Table 3.4: Family law applications filed by type, 2013–14

Application

Filed

%

Final Orders applications

17,565

21

Interim applications

20,298

24

Divorce applications

43,634

53

Other applications

1860

2

Total

83,357

100

Figure 3.3: (continued) Family law applications filed by type, 2013–14

This figure shows the family law applications filed by type in 2013–14.

Final orders applications are filed when litigants seek to obtain final parenting and/or financial orders. Applications in a Case (Interim) seek interim or procedural orders pending the determination of final orders.

Figure 3.4: Final orders applications 2009–10 to 2013–14

This figure shows the final orders applications from 2009–10 to 2013–14.

Figure 3.5: Interim orders applications 2009–10 to 2013–14

This figure shows interim orders applications from 2009–10 to 2013–14.

The family law workload (excluding divorce) can be broken into three main categories. In 2013–14, 55 per cent of family law applications related specifically to matters concerning children, a further 11 per cent involved both children and property and 34 per cent involved discrete property applications.

Figure 3.6: Issues sought in final orders applications, 2013–14

This figure shows the issues sought in final orders applications in 2013–14.

Increasing reporting of risks

The prevalence of allegations of risk in parenting proceedings is of particular significance as parenting applications represent 55 per cent of the family law workload of the Court and most parenting applications are commenced in the Federal Circuit Court.

In the 2012–13 Annual Report, it was noted that there had been a greater reporting of risks as a result of family violence amendments to the Family Law Act 1975, as introduced by the Family Law Legislation Amendment (Family Violence and Other Measures) Act 2011. The expanded definitions of 'abuse' and 'family violence' has resulted in a significant increase in filings of the Notice of Child Abuse, Family Violence, or Risk of Family Violence (Form 4) in the Court. This trend has continued in the 2013–14 reporting period as highlighted in Figure 3.7.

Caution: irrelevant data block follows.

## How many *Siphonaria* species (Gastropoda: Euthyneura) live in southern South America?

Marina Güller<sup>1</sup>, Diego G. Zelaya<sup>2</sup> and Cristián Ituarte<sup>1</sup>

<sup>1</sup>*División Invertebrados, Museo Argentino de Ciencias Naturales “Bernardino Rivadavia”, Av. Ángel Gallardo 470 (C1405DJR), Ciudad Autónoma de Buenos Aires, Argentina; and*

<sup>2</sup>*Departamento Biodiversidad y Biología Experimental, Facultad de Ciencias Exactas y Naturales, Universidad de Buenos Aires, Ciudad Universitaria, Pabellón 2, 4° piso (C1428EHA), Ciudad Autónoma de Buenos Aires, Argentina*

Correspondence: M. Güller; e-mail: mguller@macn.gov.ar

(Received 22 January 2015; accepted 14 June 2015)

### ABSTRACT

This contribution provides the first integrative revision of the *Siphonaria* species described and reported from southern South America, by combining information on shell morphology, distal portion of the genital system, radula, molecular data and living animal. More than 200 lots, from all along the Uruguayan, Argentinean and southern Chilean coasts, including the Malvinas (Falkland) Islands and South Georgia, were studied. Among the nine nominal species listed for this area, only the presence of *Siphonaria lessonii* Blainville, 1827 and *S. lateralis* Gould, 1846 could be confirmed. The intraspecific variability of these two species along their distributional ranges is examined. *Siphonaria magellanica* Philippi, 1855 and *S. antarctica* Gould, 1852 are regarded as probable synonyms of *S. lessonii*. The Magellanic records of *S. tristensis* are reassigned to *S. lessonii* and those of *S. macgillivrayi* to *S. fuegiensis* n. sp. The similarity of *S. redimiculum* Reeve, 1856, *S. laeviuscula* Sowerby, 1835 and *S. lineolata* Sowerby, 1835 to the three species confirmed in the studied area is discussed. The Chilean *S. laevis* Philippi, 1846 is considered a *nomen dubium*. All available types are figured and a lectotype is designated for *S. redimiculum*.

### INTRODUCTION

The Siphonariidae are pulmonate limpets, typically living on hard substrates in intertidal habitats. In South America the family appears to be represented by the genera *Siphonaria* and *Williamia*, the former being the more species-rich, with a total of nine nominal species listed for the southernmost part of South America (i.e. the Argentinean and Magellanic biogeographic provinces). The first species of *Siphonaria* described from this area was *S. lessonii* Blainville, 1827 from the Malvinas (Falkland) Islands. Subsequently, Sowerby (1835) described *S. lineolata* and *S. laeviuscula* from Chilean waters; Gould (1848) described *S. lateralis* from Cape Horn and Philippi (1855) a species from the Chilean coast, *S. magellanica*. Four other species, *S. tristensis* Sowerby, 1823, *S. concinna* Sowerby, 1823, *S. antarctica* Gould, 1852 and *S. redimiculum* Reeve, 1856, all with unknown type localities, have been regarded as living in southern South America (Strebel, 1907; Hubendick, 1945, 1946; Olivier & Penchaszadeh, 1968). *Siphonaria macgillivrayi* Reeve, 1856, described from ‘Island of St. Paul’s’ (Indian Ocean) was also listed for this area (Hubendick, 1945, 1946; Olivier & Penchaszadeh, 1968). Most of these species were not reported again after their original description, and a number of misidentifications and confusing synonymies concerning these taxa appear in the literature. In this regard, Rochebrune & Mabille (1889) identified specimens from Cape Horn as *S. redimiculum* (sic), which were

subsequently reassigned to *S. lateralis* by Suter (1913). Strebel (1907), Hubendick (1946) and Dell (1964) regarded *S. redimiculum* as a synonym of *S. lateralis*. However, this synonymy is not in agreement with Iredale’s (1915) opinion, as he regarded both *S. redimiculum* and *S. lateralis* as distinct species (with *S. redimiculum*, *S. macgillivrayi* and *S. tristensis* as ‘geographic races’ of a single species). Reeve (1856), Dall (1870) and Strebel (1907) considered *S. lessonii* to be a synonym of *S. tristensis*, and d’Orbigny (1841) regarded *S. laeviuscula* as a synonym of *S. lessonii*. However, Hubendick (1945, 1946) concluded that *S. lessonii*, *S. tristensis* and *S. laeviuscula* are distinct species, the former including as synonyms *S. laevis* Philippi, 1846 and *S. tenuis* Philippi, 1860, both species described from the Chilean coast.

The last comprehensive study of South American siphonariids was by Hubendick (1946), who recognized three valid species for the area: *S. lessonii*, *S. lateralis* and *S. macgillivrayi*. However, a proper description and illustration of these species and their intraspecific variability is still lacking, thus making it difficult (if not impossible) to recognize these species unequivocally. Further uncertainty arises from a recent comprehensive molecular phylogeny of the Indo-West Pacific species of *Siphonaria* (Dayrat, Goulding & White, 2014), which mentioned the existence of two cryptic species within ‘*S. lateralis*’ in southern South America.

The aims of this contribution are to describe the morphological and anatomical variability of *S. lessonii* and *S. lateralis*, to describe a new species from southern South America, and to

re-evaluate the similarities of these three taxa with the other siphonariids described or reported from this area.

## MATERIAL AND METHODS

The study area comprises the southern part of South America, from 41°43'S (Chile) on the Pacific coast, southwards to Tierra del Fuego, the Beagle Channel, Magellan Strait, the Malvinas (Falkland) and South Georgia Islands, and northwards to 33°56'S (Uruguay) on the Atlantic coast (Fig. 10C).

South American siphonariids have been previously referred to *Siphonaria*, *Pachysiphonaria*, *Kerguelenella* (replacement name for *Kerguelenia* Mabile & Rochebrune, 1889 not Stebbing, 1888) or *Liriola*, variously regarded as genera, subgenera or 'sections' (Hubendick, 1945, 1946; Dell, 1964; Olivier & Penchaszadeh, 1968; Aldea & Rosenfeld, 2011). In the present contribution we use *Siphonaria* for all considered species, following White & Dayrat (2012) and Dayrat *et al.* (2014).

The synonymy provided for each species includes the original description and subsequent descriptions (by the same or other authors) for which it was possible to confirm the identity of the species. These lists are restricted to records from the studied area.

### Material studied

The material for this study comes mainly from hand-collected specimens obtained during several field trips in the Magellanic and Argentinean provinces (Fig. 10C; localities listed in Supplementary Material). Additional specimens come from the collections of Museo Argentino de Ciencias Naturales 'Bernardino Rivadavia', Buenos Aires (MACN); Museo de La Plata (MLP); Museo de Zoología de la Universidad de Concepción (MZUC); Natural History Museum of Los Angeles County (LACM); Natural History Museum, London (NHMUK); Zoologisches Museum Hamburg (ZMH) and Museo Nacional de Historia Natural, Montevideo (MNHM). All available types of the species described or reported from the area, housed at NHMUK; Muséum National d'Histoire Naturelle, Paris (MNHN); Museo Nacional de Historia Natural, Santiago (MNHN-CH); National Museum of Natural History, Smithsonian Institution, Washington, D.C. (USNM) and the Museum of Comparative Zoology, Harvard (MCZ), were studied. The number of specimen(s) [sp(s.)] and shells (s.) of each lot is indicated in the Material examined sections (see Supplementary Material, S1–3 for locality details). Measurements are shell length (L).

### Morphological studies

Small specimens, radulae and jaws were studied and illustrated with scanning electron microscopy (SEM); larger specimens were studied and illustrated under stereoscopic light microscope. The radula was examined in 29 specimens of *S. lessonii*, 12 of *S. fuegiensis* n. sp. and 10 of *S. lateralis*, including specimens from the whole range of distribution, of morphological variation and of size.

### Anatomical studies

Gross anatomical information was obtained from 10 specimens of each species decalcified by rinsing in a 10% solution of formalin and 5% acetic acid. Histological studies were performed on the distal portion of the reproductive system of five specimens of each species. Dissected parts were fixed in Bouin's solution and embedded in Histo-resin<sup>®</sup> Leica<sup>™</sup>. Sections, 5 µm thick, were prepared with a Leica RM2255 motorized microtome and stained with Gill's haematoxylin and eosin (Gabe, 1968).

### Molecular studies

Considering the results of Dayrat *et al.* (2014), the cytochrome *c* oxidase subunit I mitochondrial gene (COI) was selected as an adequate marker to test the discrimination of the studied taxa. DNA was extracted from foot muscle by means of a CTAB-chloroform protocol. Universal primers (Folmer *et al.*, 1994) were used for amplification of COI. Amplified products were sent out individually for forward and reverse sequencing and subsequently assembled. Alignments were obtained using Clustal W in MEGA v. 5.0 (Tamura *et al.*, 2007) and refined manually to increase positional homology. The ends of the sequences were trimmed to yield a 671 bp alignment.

Figure 3.7: Notice of Child Abuse, Family Violence, or Risk of Family Violence filed 2009–10 to 2013–14

This figure shows the Notice of Child Abuse, Family Violence, or Risk of Family Violence filed from 2009–10 to 2013–14.

Notice of Risk – South Australian Pilot

As outlined in the 2012–13 Annual Report, the Court is seeking to better facilitate the early identification of risk in parenting matters when allegations are raised. Accordingly a new Notice of Risk has been piloted by the Court in South Australia since February 2013 ('the SA pilot'). This Notice of Risk is being considered by the Court as a possible replacement for the currently prescribed Form 4 to better identify risks in parenting proceedings in the Federal Circuit Court. It represents a departure from the prescribed Form 4 in that it would be required to be filed in all matters involving children rather than only in instances where allegations are made which attract the statutory requirements. Information about the Notice of Risk is available under the forms section on the Federal Circuit Court website www.federalcircuitcourt.gov.au